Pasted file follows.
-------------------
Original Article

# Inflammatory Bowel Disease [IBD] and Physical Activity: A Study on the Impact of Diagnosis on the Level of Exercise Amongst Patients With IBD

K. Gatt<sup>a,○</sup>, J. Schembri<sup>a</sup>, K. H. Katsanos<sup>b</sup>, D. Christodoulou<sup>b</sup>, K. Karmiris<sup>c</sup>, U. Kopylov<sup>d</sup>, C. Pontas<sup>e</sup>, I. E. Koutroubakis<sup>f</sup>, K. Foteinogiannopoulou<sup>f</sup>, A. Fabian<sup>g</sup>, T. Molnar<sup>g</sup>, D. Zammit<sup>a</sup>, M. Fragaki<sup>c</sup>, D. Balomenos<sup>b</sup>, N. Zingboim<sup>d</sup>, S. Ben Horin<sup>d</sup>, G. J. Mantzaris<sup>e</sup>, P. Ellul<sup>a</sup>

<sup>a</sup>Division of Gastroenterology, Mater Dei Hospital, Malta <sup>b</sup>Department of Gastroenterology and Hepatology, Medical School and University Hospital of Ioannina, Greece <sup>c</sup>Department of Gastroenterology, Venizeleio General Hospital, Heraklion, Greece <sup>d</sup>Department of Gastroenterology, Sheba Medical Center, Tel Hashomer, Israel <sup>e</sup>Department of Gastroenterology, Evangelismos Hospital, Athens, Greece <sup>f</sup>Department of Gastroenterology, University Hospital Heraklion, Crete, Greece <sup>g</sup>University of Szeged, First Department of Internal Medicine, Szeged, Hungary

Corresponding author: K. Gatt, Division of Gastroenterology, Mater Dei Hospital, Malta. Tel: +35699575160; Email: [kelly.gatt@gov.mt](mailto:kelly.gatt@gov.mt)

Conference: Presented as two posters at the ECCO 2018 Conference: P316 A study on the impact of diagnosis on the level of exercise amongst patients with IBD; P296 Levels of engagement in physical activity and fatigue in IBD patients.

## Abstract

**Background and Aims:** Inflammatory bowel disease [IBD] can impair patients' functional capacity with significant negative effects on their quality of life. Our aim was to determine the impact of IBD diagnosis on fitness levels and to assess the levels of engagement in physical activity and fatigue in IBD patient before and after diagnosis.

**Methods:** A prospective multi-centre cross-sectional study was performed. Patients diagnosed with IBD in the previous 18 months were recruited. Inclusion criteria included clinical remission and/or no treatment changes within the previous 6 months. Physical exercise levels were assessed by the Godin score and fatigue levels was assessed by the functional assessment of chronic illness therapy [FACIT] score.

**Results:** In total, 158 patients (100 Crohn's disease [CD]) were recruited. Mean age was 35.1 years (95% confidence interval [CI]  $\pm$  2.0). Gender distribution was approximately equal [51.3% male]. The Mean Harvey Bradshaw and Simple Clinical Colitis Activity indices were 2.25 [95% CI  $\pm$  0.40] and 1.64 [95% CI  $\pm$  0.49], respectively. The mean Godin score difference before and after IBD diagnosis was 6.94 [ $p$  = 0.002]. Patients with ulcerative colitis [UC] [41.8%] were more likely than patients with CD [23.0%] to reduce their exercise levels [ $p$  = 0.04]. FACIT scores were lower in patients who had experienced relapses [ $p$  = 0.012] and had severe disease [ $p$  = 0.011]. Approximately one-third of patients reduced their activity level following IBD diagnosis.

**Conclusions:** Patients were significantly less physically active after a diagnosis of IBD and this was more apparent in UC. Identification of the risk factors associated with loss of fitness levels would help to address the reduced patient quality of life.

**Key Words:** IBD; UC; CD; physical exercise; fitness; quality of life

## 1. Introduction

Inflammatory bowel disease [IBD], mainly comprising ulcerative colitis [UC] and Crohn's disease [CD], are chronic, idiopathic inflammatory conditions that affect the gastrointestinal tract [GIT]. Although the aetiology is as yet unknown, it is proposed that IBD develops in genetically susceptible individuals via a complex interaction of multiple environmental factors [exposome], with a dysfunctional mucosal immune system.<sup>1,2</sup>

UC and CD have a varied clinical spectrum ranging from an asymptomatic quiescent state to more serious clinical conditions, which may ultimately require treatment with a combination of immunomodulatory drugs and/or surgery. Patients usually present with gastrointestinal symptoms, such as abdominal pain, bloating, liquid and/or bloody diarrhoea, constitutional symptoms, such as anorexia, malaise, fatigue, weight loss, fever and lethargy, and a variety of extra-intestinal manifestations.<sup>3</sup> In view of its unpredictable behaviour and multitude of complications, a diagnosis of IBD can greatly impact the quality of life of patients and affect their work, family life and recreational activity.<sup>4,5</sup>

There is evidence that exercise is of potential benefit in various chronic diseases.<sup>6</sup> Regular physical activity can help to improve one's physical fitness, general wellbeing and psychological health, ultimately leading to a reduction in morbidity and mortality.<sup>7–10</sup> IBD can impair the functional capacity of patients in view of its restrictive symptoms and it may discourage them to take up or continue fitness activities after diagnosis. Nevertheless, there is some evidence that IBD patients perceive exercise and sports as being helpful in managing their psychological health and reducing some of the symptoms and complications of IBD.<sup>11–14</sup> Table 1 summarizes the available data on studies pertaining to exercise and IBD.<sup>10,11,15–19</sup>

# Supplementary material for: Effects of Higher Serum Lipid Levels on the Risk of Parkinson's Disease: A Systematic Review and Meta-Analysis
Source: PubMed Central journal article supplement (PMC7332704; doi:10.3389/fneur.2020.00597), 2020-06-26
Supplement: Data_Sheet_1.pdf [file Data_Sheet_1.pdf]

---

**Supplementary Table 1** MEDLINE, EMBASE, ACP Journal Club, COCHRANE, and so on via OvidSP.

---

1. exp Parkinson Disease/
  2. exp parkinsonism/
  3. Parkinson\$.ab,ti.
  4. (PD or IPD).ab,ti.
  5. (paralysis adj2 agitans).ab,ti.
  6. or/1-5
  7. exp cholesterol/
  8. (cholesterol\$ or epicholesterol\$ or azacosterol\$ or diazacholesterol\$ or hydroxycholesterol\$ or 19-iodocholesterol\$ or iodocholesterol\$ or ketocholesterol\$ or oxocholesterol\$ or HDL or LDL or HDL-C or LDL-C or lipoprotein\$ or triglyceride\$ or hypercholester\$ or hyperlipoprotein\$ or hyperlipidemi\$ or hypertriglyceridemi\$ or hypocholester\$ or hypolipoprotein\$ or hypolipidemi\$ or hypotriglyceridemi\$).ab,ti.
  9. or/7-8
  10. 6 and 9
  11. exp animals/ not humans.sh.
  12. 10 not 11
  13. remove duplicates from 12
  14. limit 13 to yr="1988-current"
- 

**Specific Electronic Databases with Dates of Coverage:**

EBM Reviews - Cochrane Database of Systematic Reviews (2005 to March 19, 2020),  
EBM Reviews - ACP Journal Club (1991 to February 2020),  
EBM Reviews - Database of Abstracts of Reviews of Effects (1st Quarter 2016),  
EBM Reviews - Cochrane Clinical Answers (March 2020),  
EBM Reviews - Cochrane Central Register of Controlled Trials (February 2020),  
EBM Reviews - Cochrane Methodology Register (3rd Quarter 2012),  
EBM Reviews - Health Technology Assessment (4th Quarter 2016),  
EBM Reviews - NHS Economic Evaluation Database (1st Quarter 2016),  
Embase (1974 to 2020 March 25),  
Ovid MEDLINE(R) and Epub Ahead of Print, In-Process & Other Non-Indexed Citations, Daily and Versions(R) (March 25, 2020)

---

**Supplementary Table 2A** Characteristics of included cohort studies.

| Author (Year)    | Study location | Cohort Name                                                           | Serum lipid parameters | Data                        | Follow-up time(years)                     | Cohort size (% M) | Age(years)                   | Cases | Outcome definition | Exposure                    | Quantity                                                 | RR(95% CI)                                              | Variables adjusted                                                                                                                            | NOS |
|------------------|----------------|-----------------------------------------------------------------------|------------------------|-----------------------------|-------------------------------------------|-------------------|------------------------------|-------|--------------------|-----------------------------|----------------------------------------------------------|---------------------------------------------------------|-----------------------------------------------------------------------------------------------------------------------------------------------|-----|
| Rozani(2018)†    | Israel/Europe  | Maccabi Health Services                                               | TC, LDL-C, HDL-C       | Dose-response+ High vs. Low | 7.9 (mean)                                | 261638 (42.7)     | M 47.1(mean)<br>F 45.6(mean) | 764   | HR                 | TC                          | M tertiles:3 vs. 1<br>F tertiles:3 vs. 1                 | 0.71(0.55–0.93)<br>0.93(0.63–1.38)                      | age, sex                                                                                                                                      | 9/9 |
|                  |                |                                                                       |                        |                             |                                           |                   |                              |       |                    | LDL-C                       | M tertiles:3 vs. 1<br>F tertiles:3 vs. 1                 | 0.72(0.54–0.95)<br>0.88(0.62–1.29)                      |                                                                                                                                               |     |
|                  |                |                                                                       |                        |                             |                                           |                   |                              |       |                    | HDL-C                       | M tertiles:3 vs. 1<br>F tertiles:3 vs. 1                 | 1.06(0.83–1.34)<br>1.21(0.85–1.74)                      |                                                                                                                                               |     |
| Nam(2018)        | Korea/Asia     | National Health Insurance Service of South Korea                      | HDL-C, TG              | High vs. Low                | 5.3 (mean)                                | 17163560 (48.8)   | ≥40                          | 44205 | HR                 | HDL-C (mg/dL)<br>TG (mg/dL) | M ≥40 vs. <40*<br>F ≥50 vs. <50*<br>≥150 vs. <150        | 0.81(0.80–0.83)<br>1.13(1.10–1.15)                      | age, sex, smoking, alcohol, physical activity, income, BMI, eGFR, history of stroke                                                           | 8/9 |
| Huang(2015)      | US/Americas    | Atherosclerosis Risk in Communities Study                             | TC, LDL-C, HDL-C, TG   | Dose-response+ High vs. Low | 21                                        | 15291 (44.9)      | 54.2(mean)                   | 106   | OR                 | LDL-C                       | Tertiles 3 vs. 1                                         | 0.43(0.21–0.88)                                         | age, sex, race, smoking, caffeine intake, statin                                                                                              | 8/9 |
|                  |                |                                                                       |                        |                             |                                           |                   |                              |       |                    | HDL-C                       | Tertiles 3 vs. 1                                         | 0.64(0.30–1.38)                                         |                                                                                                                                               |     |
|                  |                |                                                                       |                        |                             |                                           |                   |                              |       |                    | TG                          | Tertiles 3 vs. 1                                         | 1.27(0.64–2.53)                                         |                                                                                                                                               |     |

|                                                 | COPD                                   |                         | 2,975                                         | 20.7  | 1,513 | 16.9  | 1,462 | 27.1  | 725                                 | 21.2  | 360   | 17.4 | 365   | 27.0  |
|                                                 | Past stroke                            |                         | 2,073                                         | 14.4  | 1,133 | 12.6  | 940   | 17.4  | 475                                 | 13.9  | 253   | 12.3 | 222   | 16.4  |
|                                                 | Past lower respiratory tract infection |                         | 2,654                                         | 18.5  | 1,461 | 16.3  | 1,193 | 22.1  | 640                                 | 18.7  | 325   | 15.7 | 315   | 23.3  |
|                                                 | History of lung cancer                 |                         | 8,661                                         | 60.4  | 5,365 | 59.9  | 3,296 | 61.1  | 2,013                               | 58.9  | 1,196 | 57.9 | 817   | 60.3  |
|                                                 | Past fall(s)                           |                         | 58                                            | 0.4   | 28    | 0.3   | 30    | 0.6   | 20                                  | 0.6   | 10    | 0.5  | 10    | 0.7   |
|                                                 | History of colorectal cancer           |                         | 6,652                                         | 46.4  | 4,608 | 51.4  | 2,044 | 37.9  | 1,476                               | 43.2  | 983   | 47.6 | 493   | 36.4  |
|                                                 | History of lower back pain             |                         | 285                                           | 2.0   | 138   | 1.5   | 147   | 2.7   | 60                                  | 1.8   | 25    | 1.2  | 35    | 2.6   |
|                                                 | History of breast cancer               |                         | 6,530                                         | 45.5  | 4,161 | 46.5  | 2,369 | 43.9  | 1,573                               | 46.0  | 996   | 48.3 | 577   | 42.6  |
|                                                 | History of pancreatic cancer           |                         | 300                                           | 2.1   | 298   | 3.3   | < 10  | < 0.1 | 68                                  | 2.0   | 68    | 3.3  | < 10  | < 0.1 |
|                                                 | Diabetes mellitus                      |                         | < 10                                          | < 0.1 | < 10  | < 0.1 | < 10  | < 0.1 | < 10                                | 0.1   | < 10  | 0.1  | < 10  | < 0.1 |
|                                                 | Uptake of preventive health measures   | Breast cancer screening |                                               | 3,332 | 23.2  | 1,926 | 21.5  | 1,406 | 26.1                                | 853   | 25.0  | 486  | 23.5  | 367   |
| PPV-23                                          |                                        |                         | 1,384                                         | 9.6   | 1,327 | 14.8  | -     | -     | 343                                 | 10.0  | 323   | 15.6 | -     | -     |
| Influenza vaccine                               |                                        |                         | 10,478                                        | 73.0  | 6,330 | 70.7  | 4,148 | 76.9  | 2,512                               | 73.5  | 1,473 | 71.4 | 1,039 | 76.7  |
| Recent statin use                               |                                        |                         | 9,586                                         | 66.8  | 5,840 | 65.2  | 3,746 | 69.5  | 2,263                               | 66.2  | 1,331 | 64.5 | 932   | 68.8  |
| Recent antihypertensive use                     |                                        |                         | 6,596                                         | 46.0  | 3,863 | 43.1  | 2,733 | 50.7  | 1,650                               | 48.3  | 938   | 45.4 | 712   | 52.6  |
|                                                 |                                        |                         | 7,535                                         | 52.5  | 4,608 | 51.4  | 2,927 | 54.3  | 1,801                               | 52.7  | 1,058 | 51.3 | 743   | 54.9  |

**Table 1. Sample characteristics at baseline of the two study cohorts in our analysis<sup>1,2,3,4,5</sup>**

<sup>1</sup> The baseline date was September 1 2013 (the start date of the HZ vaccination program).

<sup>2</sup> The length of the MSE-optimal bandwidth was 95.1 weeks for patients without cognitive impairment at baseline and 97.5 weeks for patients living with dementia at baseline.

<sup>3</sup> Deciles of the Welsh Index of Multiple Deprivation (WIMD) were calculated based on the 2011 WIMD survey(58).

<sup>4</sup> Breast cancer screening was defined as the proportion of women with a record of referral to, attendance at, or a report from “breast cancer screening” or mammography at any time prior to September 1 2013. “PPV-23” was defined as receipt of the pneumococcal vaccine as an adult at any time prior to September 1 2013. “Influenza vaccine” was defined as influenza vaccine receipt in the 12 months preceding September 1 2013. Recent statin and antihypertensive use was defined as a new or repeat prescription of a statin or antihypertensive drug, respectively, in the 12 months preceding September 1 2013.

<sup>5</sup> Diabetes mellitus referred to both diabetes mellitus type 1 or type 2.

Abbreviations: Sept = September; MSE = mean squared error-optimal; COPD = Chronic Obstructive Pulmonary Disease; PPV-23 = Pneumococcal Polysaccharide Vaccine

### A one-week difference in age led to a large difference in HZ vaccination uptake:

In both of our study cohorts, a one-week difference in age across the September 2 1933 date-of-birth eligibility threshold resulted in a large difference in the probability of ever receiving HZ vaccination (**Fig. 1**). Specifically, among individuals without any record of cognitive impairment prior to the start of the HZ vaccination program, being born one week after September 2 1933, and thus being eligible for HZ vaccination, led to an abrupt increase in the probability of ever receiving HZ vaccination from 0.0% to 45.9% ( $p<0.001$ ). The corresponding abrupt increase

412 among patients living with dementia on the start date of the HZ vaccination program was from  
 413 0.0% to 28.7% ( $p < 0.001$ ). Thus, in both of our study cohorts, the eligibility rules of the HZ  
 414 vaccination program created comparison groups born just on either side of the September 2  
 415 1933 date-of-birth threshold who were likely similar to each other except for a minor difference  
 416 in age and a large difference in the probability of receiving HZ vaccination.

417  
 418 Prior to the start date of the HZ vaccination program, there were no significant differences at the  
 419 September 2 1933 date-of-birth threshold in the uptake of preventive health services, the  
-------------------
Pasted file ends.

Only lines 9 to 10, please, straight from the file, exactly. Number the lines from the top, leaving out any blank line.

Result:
**Methods:** A prospective multi-centre cross-sectional study was performed. Patients diagnosed with IBD in the previous 18 months were recruited. Inclusion criteria included clinical remission and/or no treatment changes within the previous 6 months. Physical exercise levels were assessed by the Godin score and fatigue levels was assessed by the functional assessment of chronic illness therapy [FACIT] score.

**Results:** In total, 158 patients (100 Crohn's disease [CD]) were recruited. Mean age was 35.1 years (95% confidence interval [CI]  $\pm$  2.0). Gender distribution was approximately equal [51.3% male]. The Mean Harvey Bradshaw and Simple Clinical Colitis Activity indices were 2.25 [95% CI  $\pm$  0.40] and 1.64 [95% CI  $\pm$  0.49], respectively. The mean Godin score difference before and after IBD diagnosis was 6.94 [ $p$  = 0.002]. Patients with ulcerative colitis [UC] [41.8%] were more likely than patients with CD [23.0%] to reduce their exercise levels [ $p$  = 0.04]. FACIT scores were lower in patients who had experienced relapses [ $p$  = 0.012] and had severe disease [ $p$  = 0.011]. Approximately one-third of patients reduced their activity level following IBD diagnosis.